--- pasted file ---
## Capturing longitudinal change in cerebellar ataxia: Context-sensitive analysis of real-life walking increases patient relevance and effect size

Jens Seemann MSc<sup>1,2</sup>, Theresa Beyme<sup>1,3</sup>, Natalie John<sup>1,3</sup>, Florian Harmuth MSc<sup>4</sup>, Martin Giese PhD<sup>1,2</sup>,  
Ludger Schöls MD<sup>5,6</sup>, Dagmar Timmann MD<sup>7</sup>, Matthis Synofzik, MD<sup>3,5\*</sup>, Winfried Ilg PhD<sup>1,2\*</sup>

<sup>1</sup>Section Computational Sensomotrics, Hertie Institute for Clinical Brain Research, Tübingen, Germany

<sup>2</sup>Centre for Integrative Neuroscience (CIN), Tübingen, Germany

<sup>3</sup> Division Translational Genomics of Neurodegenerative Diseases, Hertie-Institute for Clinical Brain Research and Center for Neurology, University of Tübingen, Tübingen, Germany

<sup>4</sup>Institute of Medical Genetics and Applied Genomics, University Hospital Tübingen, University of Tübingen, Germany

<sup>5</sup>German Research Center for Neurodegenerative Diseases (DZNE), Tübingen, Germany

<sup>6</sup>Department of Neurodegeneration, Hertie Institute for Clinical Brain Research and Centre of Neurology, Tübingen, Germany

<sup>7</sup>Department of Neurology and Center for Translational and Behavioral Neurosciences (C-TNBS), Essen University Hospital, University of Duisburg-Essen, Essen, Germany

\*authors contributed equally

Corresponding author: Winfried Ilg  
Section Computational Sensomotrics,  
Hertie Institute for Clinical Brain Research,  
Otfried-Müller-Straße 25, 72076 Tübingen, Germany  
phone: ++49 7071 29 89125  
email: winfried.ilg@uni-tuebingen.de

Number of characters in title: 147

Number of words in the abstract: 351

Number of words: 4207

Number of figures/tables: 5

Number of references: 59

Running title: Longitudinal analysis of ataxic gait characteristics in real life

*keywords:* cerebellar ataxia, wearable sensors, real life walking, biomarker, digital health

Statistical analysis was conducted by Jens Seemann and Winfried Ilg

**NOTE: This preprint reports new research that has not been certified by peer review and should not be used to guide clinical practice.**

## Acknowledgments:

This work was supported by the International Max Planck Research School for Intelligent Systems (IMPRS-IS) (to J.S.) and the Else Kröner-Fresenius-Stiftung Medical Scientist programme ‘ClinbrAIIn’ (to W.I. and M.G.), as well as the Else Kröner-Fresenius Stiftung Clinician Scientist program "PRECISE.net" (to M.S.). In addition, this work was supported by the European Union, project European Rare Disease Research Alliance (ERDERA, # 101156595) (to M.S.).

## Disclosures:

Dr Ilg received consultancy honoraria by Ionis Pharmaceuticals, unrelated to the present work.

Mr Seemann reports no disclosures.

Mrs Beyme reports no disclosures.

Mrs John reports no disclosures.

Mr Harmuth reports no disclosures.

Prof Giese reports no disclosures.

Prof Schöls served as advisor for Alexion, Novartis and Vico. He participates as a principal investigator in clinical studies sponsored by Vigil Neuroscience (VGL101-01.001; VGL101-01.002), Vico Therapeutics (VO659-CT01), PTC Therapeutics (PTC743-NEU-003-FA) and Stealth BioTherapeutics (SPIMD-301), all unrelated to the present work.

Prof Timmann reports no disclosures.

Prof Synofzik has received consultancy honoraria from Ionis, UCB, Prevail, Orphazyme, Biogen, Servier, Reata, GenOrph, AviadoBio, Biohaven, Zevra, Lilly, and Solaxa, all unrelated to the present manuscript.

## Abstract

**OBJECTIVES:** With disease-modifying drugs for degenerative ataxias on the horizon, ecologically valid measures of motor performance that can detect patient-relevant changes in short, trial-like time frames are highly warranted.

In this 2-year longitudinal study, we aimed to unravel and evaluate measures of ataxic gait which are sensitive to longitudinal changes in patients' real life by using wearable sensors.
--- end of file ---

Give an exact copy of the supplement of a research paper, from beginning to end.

## Capturing longitudinal change in cerebellar ataxia: Context-sensitive analysis of real-life walking increases patient relevance and effect size

Jens Seemann MSc<sup>1,2</sup>, Theresa Beyme<sup>1,3</sup>, Natalie John<sup>1,3</sup>, Florian Harmuth MSc<sup>4</sup>, Martin Giese PhD<sup>1,2</sup>,  
Ludger Schöls MD<sup>5,6</sup>, Dagmar Timmann MD<sup>7</sup>, Matthis Synofzik, MD<sup>3,5\*</sup>, Winfried Ilg PhD<sup>1,2\*</sup>

<sup>1</sup>Section Computational Sensomotrics, Hertie Institute for Clinical Brain Research, Tübingen, Germany

<sup>2</sup>Centre for Integrative Neuroscience (CIN), Tübingen, Germany

<sup>3</sup> Division Translational Genomics of Neurodegenerative Diseases, Hertie-Institute for Clinical Brain Research and Center for Neurology, University of Tübingen, Tübingen, Germany

<sup>4</sup>Institute of Medical Genetics and Applied Genomics, University Hospital Tübingen, University of Tübingen, Germany

<sup>5</sup>German Research Center for Neurodegenerative Diseases (DZNE), Tübingen, Germany

<sup>6</sup>Department of Neurodegeneration, Hertie Institute for Clinical Brain Research and Centre of Neurology, Tübingen, Germany

<sup>7</sup>Department of Neurology and Center for Translational and Behavioral Neurosciences (C-TNBS), Essen University Hospital, University of Duisburg-Essen, Essen, Germany

\*authors contributed equally

Corresponding author: Winfried Ilg  
Section Computational Sensomotrics,  
Hertie Institute for Clinical Brain Research,  
Otfried-Müller-Straße 25, 72076 Tübingen, Germany  
phone: ++49 7071 29 89125  
email: winfried.ilg@uni-tuebingen.de

Number of characters in title: 147

Number of words in the abstract: 351

Number of words: 4207

Number of figures/tables: 5

Number of references: 59

Running title: Longitudinal analysis of ataxic gait characteristics in real life

*keywords:* cerebellar ataxia, wearable sensors, real life walking, biomarker, digital health

Statistical analysis was conducted by Jens Seemann and Winfried Ilg

**NOTE: This preprint reports new research that has not been certified by peer review and should not be used to guide clinical practice.**

## Acknowledgments:

This work was supported by the International Max Planck Research School for Intelligent Systems (IMPRS-IS) (to J.S.) and the Else Kröner-Fresenius-Stiftung Medical Scientist programme ‘ClinbrAIIn’ (to W.I. and M.G.), as well as the Else Kröner-Fresenius Stiftung Clinician Scientist program "PRECISE.net" (to M.S.). In addition, this work was supported by the European Union, project European Rare Disease Research Alliance (ERDERA, # 101156595) (to M.S.).

## Disclosures:

Dr Ilg received consultancy honoraria by Ionis Pharmaceuticals, unrelated to the present work.

Mr Seemann reports no disclosures.

Mrs Beyme reports no disclosures.

Mrs John reports no disclosures.

Mr Harmuth reports no disclosures.

Prof Giese reports no disclosures.

Prof Schöls served as advisor for Alexion, Novartis and Vico. He participates as a principal investigator in clinical studies sponsored by Vigil Neuroscience (VGL101-01.001; VGL101-01.002), Vico Therapeutics (VO659-CT01), PTC Therapeutics (PTC743-NEU-003-FA) and Stealth BioTherapeutics (SPIMD-301), all unrelated to the present work.

Prof Timmann reports no disclosures.

Prof Synofzik has received consultancy honoraria from Ionis, UCB, Prevail, Orphazyme, Biogen, Servier, Reata, GenOrph, AviadoBio, Biohaven, Zevra, Lilly, and Solaxa, all unrelated to the present manuscript.

## Abstract

**OBJECTIVES:** With disease-modifying drugs for degenerative ataxias on the horizon, ecologically valid measures of motor performance that can detect patient-relevant changes in short, trial-like time frames are highly warranted.

In this 2-year longitudinal study, we aimed to unravel and evaluate measures of ataxic gait which are sensitive to longitudinal changes in patients' real life by using wearable sensors.